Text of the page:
This organ is pretty much the ideal vehicle for the music of the North German organ school. The central figure is Dietrich Buxtehude, who is represented here with various specimens of his oeuvre. The Praeludium in d minor is written in the stylus phantasticus with its sequence of contrasting sections. Komm, heilger Geist, Herre Gott is one of Buxtehude's most impressive chorale arrangements, with a highly ornamented cantus firmus in the upper voice. Martin Rost's performance is faster than I am used to, but it works very well. The Passacaglia in d minor is one of the earliest organ pieces in Germany which is based on a basso ostinato. Italian influence is notable in the slight Canzona in g minor.
What is especially interesting here is that Buxtehude's predecessors are also represented. First Franz Tunder, whom Buxtehude succeeded in 1667. He was the founder of the tradition of the Abendmusiken which were to become famous in Buxtehude's time. Little is known about his early education, but according to Johann Mattheson, the German theorist of the early 18th century, he had studied with Frescobaldi in Rome. Italian influence is noticeable in the Canzona in G. His organ music requires two manuals and pedals, and is often quite virtuosic. That is certainly the case with Jesus Christus, unser Heiland in which the number of parts rises to five and which includes a section for double pedal.
Tunder's music is often played and recorded, but his predecessor in Lübeck, Peter Hasse the Elder, is hardly known. He was the great-grandfather of Johann Adolf Hasse, the German opera composer of the 18th century. He was organist in Lübeck from 1616 to his death in 1640. It is assumed he was a pupil of Jan Pieterszoon Sweelinck in Amsterdam. During his time in Lübeck the three organs in the Marienkirche had been enlarged, the large organ by Friederich Stellwagen. Only two organ works by Hasse are known, and both are played here. In Allein Gott in der Höh sei Ehr the cantus firmus is largely unornamented.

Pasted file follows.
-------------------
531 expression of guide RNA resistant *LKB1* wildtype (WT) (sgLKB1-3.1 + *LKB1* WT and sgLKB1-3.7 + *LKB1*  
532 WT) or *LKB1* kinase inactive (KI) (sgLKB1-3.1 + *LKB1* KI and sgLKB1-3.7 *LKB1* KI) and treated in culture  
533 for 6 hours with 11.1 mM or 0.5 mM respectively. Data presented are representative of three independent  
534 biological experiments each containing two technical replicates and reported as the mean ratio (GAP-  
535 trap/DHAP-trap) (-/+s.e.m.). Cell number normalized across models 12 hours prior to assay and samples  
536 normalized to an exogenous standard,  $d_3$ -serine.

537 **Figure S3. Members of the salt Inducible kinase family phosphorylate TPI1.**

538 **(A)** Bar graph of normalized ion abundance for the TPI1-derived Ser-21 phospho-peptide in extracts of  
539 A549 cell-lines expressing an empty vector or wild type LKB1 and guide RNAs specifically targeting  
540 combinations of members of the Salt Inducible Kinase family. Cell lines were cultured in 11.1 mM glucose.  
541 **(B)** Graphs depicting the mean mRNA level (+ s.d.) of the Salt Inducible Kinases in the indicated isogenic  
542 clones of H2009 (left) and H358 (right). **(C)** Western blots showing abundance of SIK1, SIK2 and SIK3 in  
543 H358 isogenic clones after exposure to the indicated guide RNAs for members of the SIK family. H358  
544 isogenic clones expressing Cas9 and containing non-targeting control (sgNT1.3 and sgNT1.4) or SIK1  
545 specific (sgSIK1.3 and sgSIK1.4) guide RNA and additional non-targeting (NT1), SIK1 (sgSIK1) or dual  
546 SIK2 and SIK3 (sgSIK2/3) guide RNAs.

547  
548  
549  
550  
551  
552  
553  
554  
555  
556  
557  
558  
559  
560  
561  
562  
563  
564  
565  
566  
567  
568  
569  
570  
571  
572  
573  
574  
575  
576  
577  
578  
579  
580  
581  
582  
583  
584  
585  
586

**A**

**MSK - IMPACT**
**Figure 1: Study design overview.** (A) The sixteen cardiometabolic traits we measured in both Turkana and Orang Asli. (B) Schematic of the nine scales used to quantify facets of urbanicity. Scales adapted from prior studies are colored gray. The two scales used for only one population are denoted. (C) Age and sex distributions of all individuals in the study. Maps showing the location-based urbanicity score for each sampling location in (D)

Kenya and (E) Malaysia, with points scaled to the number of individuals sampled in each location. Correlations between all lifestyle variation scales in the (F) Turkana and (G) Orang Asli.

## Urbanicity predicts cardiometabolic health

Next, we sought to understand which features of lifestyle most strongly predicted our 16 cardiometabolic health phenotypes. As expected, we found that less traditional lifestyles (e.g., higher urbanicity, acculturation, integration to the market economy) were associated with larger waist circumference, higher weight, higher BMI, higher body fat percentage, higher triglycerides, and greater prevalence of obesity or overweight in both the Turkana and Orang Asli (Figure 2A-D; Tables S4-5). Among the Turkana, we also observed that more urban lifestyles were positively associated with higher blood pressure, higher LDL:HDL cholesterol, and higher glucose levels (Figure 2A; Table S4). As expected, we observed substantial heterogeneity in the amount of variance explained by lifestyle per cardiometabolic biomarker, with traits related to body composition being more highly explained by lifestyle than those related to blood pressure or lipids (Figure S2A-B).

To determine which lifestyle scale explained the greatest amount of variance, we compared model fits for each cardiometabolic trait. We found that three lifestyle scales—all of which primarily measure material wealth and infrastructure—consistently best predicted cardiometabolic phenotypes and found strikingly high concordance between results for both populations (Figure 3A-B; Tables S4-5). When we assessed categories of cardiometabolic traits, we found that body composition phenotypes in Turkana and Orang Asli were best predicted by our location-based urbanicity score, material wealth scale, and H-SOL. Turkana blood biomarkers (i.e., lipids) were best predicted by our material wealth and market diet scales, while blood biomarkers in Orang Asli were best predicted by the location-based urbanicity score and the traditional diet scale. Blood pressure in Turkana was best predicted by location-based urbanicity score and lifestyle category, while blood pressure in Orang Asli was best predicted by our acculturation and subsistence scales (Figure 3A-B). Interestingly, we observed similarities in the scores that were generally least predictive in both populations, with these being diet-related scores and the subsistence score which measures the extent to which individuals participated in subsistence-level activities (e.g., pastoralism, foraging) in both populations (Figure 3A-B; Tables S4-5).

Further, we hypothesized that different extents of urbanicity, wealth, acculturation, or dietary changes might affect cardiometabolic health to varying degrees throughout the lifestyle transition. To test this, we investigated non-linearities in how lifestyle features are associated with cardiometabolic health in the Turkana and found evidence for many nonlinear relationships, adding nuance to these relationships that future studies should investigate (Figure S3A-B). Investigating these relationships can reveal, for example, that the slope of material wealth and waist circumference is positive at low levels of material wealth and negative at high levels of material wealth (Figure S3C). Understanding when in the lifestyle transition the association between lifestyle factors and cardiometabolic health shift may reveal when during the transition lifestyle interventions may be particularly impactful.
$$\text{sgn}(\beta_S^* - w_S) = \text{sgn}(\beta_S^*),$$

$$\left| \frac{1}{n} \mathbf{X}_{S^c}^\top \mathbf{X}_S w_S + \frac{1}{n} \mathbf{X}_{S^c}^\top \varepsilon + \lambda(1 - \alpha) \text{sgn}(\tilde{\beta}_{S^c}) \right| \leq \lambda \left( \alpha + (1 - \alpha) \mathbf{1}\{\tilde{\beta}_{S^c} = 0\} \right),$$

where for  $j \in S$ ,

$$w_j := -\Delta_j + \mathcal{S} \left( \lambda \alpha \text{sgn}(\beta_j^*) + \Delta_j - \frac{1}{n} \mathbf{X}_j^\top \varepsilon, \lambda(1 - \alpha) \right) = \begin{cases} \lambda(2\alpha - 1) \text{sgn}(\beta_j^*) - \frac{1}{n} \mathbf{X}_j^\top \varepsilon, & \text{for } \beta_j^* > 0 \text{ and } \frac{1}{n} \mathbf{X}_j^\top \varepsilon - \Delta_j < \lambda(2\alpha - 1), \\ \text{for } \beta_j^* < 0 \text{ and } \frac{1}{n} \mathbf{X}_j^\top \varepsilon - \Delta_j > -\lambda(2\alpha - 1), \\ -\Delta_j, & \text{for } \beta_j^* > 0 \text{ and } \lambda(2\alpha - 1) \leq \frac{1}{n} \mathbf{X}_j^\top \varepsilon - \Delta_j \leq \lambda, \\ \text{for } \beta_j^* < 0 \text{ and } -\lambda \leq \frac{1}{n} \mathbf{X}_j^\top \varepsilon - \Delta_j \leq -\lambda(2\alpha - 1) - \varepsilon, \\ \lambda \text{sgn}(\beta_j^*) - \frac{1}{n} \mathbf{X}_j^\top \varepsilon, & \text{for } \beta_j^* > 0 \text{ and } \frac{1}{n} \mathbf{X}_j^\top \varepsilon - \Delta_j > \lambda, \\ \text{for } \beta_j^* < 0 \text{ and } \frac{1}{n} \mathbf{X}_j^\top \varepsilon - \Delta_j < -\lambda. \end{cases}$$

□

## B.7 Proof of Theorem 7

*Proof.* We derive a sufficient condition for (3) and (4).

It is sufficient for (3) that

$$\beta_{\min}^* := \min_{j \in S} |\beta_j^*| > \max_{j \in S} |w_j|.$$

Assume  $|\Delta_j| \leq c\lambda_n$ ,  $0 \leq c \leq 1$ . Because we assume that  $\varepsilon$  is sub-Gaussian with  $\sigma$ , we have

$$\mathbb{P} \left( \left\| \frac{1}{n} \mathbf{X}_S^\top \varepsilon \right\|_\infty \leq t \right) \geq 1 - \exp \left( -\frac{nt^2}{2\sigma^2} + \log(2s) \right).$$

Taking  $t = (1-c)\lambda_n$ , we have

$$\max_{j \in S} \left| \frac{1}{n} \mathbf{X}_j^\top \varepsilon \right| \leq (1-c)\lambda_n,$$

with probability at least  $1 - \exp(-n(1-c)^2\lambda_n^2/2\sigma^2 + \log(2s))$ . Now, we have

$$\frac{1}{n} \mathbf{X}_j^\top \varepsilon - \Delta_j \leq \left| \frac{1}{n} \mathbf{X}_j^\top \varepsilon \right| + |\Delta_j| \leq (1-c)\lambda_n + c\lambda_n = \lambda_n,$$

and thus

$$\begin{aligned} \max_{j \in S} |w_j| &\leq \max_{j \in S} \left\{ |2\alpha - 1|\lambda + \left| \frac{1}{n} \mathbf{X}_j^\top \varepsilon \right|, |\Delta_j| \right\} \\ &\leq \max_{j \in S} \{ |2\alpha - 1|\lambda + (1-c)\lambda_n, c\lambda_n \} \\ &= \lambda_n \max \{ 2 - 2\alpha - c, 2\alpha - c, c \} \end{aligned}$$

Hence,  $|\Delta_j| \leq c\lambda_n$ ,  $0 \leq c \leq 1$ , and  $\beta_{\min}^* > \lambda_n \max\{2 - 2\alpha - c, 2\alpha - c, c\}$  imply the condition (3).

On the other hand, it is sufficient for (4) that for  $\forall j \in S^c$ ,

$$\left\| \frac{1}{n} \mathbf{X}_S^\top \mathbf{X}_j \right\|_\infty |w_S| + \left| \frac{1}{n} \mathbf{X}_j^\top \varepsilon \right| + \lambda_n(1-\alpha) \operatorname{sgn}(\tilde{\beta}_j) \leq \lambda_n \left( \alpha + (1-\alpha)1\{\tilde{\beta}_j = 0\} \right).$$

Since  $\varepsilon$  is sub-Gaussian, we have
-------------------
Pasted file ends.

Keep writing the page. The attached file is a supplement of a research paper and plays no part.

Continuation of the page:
Also little known is Buxtehude's successor as organist of the Marienkirche: Johann Christian Schiefferdecker. He was from a family of ministers and church musicians who were active in Weissenfels and Zeitz and has been a pupil at the Thomasschule in Leipzig. He composed some operas which are all lost. Also lost are the 22 pieces which he performed as Abendmusiken in Lübeck, where he succeeded Buxtehude as organist in 1707. Very little of his organ music has survived, the most important work being the variations on the chorale Meine Seele erhebt den Herren, the German rhymed version of the Magnificat.